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dants had human feelings, as well as forms. I do not know a more agreeable fight than to see servants part of a family. By taking an intereft, generally speaking, in their concerns, you inspire them with one for yours. We must love our servants, or we shall never be sufficiently attentive to their happiness; and how can those masters be attentive to their happiness, who living above their fortunes, are more anxious to outshine their neighbours than to allow their houshold the innocent enjoyments they earn.

It is, in fact, much more difficult for servants who are tantalized by feeing and preparing the dainties of which they are not to partake, to remain honest, than the poor, whose thoughts are not led from their homely

1o that, though the servants here are commonly thieves, you seldom hear of house-breaking, or robbery on the highway. The country is, perhaps, too thinly inhabited to produce many of that description of thieves termed foot pads, or highwaymen. They are usually the spawn of great cities; the effect of the spurious desires generated by wealth, rather than the desperate strug, gles of poverty to escape from misery.

fare;

GONDALBERT:

A FRAGMENT IN THE MANNER OF OSSIAN.

TH

HE grey mists of evening curl over the valley. The

mountain breezes fan the dark-bending pines. Snrill sounds the shepherd's whistle over the heath, and mute is the vale-bosomed hamlet. Son of Anfekir, why art thou sad ? Soul-troubled chief, why rovest thou in the castle of other times? Silent now is the dwelling of the mighty! The ruftling ivy waves from its battle

The owl leeks her nest in the ruins. Mirth reigns not in the hall, and filent is the song of harps. The tales of other days are heard no more! -no more they mingle with the spirit-rousing lyre. The heroes of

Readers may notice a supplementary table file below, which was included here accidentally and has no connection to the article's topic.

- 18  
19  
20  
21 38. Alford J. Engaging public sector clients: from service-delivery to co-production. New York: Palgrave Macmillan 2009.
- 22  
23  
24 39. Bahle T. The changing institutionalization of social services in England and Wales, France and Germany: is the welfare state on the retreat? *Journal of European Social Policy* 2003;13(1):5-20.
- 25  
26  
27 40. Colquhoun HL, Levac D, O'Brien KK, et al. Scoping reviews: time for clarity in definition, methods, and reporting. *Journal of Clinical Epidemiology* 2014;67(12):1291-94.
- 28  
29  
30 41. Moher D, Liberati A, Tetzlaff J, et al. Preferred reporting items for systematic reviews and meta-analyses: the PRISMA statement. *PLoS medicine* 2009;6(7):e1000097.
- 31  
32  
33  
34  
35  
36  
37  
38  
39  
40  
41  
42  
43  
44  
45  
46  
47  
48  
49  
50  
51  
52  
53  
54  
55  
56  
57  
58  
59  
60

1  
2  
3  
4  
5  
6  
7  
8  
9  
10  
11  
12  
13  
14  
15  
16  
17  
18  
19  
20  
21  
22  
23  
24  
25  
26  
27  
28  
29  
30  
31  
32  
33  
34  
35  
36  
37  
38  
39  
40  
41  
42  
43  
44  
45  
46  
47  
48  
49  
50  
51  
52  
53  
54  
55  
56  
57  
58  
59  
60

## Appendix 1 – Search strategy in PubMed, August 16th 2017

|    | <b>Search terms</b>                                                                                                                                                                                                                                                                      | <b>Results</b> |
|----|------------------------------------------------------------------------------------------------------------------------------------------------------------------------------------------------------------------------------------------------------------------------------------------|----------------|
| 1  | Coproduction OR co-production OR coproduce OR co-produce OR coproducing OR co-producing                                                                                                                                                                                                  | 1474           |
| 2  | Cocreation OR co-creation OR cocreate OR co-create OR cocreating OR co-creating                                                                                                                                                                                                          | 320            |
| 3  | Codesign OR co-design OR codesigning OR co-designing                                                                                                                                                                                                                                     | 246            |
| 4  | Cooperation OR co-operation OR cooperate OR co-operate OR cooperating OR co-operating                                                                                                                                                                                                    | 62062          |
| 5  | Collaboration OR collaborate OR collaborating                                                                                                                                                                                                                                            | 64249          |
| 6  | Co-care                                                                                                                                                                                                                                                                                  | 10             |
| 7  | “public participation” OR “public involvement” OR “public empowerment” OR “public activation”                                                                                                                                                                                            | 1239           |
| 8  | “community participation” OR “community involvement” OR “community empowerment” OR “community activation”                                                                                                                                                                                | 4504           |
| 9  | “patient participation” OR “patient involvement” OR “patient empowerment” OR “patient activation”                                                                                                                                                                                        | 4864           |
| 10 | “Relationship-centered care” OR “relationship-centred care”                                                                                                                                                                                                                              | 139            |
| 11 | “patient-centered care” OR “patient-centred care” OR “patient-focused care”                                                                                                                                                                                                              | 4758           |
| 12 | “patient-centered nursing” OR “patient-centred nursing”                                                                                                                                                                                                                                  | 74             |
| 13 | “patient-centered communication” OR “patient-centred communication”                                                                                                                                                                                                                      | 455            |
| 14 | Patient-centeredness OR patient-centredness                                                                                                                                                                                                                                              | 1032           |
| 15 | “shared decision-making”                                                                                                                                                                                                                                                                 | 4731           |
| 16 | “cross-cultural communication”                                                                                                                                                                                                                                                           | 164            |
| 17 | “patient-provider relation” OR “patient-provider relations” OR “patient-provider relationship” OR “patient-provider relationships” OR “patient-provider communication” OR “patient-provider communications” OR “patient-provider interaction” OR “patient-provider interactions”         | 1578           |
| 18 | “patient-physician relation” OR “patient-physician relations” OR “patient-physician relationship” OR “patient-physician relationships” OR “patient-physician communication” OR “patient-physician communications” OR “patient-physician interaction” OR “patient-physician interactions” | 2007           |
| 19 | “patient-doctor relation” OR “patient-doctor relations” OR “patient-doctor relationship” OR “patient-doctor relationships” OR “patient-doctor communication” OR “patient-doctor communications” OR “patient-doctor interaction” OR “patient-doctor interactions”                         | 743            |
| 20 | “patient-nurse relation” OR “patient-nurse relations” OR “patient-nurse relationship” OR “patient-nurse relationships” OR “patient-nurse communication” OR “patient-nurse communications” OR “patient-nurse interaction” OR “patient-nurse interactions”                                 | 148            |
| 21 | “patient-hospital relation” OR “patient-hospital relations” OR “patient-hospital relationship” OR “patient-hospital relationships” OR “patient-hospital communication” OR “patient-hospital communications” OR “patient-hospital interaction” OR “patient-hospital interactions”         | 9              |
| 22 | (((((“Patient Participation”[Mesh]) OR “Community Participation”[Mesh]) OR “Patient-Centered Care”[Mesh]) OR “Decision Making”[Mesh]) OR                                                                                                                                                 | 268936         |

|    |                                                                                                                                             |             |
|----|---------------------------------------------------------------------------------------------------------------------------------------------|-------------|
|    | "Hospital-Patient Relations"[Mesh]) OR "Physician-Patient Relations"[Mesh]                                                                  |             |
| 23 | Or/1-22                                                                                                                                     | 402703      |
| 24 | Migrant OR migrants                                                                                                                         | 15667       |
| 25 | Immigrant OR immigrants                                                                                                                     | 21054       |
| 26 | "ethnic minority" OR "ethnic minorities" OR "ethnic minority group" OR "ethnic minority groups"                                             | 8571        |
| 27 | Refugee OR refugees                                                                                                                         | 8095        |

other

ments,

mountain torrent.

other times are departed and gone, as the yellow beams of the sun fee away when the storm lours over the mountain. The wind waves the grass of their toinbs; the wild stream murmurs near their dwelling.

Gondalbert was fierce in the battle, as the wolf of Romanza. Loud was his voice, as the roaring of the

Noble were the steps of the darkfrowning chief. In yon castle, the minstrel oft recorded his valour, there fent he round the goblet in the joy of his soul. Mighty were the deeds of Gondalbert in the field, mighty was the son of Rodrigo in the battle.

The sun arose over the hills of mist. The gems of Aurora gleam'd on the thistle, when Gondalbert with the sword of his fathers, fought the battle of heroes.The morning breezes waved the plume of his helmet. The fun-beams Aashed from his shield. Many were the chiefs that followed him, many were the javelins that glittered as the stars of night. They rushed on to battle, like the noise of a thousand torrents when they dash from the summits of the snow-crested Alps. Dreadful was the contests of chiefs. The raven flapped her jerry wings, and rejoiced at the carnage. The songs of a thousand harps echoed over the heath, and urg'd the warriors to giory. Gondalbert rulhed through their ranks, as the tawny lion when surrounded bursts through the nets of the hunters. Many fell by his sword, many fent he to dwell with their fathers--Logron of the misty ftream died by his hand. Few were the days of his youth on the hills of his country, and small was the fame of Logran. Long did Soluna look from her castle on the mountains, long did the mourn the delay of her hurband. Sickness overcame the soft-bosomed daughter of Omphir. The tomb, clasped the wife of Logron! Beneath the cypress they fleep, and mournful is the music of the dark-waving tree ! Mighty were the deeds of Gondalbert in the field of carnage. Swiftly Bed the foe over the mountains. On flew the chief, a spear itruck the breast of the hero he rolled in his blood.-The

thades

thades of death hovered around him; dim was the eye of Gondalbert !—The battle ceased the minstrels mourned over the fallen chief. A thousand lyres gave their plaintive music and thus sung the harpers of other days ! Lynn, July 5, 1798.

G, GOODWIN,

LETTER, XECENTLY WRITTEN FROM A JEW TO HIS BRETHREN,

CONCERNING THE ESTABLISHMENT OF

A NEW JEWISH REPUBLIC.

(Translated from the Italian) BROTHERS, TOU who have groaned for so many ages under the

Y